The trouble now is that the earth, the planet, can sustain us neither in the manner to which we have accustomed ourselves nor in our mythological imagination. To feel the requisite awe, he have to resort to the scales of the infinite and the infinitesimal: black holes, the accelerating universe, quarks, and neutrinos. Delight we have always regarded as a lesser thing than terror and awe. We’re more impressed by death than living. We are, when not in love, increasingly literal-minded. For me, the mythological imagination, perhaps now an endangered species, can be most often chanced upon in the preserve of literature and art, in which none of the animals is kept behind bars or restrained by enclosure. Sometimes, like today, however, some manage to escape into this recurring evanescence we mark off on the calendar as another day.

Maybe I’ve got my daughter all wrong. Words as emissaries, as messengers, may come later. For now, there is still this animal life from which the mythological imagination may arise. Side by side, leaning against a warm stone slab as wind gusts over us and takes some leaves with it, we scan the patternless patchwork of autumnal colors across the valley, as though observing its change. A watched tree never changes color, my daughter says, deadpan. I ask her what else she’s going to talk about in her speech. After all, the beginning of Genesis has so many great stories.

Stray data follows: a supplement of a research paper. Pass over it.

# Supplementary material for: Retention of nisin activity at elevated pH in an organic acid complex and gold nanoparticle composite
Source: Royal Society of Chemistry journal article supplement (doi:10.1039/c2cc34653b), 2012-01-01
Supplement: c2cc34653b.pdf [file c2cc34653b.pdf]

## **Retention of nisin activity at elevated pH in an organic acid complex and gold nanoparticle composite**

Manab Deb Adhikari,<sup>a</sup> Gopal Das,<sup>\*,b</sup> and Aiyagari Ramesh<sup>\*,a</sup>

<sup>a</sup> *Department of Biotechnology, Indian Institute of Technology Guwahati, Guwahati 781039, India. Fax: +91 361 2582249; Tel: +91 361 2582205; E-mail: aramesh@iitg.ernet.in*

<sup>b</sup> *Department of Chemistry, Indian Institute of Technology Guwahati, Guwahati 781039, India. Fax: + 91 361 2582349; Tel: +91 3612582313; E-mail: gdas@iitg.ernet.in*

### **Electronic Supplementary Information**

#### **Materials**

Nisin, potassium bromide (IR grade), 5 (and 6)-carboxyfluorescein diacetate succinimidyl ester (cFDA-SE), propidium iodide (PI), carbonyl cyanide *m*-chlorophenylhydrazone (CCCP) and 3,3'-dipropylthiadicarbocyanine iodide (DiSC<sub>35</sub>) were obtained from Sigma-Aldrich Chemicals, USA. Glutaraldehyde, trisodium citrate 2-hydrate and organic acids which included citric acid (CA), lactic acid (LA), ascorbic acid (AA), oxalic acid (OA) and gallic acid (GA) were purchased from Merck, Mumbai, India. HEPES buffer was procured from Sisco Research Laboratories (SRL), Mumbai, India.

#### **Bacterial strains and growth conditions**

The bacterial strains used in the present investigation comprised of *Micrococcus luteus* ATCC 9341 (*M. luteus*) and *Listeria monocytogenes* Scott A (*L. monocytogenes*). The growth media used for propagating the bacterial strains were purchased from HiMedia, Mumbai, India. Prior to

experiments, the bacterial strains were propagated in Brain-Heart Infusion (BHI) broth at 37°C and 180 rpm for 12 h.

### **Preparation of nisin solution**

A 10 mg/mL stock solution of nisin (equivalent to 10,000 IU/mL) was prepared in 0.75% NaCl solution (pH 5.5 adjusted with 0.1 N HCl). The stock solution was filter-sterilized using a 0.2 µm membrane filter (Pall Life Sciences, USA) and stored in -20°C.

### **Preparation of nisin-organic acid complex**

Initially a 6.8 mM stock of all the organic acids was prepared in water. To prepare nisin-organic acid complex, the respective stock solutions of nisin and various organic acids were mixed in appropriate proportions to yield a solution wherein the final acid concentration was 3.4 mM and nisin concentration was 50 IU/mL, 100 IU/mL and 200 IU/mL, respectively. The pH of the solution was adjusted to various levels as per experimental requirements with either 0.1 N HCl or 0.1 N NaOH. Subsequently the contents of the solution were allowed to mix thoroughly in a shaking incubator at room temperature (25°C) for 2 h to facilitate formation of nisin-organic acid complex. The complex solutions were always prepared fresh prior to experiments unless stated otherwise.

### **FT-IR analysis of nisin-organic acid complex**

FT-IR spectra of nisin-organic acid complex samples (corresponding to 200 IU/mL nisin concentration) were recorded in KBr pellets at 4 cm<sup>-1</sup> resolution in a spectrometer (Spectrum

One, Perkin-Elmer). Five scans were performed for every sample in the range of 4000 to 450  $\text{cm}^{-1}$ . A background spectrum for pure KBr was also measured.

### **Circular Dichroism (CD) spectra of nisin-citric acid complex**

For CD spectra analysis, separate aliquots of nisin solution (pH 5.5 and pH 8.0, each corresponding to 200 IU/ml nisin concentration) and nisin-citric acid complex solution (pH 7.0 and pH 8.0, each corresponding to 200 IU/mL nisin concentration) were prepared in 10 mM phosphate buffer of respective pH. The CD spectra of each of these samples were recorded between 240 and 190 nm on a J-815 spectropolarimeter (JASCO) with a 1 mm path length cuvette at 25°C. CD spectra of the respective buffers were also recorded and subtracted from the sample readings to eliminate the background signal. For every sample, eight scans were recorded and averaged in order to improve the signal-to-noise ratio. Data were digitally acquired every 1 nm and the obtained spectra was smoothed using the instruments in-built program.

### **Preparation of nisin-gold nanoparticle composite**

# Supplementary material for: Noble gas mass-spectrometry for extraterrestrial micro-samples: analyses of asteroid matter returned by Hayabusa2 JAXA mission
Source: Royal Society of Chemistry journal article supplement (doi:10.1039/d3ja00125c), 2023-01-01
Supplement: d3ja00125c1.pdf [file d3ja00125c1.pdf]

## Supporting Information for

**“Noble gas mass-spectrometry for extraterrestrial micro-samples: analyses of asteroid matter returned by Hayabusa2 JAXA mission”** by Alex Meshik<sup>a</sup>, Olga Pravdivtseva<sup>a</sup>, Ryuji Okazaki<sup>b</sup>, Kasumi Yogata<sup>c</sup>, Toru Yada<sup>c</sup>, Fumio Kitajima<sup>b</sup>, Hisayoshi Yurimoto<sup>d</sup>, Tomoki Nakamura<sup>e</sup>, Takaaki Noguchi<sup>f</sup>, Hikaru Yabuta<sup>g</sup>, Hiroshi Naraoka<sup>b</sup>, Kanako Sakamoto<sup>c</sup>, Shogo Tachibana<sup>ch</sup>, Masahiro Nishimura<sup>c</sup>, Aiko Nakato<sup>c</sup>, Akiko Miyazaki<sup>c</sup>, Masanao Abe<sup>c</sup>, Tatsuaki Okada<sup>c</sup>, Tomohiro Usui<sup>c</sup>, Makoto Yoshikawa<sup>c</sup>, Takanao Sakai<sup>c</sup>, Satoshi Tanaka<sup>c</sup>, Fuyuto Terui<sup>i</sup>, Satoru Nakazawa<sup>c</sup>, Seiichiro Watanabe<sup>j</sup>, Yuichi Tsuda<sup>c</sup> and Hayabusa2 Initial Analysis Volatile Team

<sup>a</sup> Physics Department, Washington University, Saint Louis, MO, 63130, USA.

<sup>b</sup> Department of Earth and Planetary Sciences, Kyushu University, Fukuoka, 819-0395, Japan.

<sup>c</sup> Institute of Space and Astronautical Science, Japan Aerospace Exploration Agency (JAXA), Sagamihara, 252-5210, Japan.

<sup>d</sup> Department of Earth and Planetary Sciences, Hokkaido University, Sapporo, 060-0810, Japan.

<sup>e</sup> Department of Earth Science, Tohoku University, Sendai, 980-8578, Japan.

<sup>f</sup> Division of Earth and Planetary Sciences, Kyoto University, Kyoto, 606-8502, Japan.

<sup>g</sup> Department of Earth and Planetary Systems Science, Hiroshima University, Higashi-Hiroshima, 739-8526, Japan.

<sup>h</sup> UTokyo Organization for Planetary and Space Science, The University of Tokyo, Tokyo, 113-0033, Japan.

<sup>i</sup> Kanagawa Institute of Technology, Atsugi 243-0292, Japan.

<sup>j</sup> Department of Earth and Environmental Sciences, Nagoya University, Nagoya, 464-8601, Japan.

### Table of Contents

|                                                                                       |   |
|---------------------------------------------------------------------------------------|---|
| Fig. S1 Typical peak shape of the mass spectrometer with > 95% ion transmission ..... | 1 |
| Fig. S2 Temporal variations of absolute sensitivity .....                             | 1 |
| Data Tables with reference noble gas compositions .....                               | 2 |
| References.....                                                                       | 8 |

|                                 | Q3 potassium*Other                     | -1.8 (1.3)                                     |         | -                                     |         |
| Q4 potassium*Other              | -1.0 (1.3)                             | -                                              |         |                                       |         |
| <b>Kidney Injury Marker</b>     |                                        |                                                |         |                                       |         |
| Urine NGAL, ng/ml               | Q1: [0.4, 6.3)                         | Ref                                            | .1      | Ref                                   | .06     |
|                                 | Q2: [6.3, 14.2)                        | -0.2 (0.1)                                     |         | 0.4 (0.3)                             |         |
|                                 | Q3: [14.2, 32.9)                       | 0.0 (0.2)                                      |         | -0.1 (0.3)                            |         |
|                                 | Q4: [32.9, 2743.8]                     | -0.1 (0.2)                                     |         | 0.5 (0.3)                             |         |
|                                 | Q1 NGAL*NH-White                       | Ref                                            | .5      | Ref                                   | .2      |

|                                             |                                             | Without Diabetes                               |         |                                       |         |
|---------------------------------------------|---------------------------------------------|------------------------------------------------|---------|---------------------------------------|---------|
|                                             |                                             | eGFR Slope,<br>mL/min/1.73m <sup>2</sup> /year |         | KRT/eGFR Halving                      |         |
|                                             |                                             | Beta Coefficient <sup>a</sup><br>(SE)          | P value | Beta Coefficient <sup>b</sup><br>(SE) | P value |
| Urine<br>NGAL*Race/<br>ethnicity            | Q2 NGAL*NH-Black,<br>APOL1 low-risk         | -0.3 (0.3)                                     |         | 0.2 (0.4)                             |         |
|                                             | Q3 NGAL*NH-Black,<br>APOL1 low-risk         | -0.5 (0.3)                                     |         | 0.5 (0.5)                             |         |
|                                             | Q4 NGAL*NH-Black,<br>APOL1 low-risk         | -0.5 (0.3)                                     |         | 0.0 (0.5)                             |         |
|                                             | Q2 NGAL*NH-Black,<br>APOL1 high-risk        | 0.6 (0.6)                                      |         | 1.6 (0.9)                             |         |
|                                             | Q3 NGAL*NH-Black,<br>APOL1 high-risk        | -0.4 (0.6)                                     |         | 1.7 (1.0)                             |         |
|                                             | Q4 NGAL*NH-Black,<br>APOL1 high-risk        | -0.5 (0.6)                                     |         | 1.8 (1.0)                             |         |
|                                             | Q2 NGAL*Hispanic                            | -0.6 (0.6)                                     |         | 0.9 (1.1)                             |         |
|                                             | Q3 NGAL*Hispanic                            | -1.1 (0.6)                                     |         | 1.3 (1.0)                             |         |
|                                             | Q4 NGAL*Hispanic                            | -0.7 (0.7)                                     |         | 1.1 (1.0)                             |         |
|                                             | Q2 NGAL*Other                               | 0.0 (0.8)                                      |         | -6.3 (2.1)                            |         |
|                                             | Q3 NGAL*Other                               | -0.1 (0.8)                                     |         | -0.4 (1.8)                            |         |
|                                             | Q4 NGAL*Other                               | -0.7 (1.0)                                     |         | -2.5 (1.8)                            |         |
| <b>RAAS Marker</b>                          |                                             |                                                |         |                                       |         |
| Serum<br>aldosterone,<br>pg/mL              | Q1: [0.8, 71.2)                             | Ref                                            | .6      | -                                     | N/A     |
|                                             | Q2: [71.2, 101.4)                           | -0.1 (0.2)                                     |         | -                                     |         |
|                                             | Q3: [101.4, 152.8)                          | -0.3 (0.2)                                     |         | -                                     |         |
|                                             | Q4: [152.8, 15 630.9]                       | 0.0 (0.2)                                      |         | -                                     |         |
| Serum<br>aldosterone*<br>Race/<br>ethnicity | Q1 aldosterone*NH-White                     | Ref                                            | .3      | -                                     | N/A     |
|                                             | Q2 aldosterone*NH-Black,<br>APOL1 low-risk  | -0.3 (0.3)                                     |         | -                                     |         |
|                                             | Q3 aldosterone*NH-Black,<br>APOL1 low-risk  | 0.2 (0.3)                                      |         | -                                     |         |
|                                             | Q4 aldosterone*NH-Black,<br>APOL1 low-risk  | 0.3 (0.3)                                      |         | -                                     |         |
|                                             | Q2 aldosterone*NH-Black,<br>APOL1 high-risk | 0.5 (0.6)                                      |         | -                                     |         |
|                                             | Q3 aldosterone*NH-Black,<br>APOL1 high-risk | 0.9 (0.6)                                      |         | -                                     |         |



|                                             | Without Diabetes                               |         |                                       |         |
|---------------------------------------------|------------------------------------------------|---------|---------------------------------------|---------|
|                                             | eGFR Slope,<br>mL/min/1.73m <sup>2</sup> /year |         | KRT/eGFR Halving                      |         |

The story of Adam and Eve and their leaving the garden, she says. That’s what this whole thing is like for me, leaving the garden. I think it’s a sign that God thinks they’re responsible enough to go live on their own. That’s how I feel sometimes about turning thirteen.

The Macs were too tart but the Jonamacs we’ve found are ready. We fill a grocery bag with them and pay as we leave. My daughter sits on the roof of the van as I drive us slowly out to the entrance. At the main road, she climbs back in.

Do you remember me and my friends picking cherries from up on the roof a few years ago? There were so many cherries on those trees that whenever you’d pull forward to a new spot it felt just like passing through a meteor shower. She puts her face out the window and her hair flies back.

Passing through a meteor shower, she says into the wind. Now that would be very cool.

David Weiss teaches English at Hobart and Willliam Smith Colleges.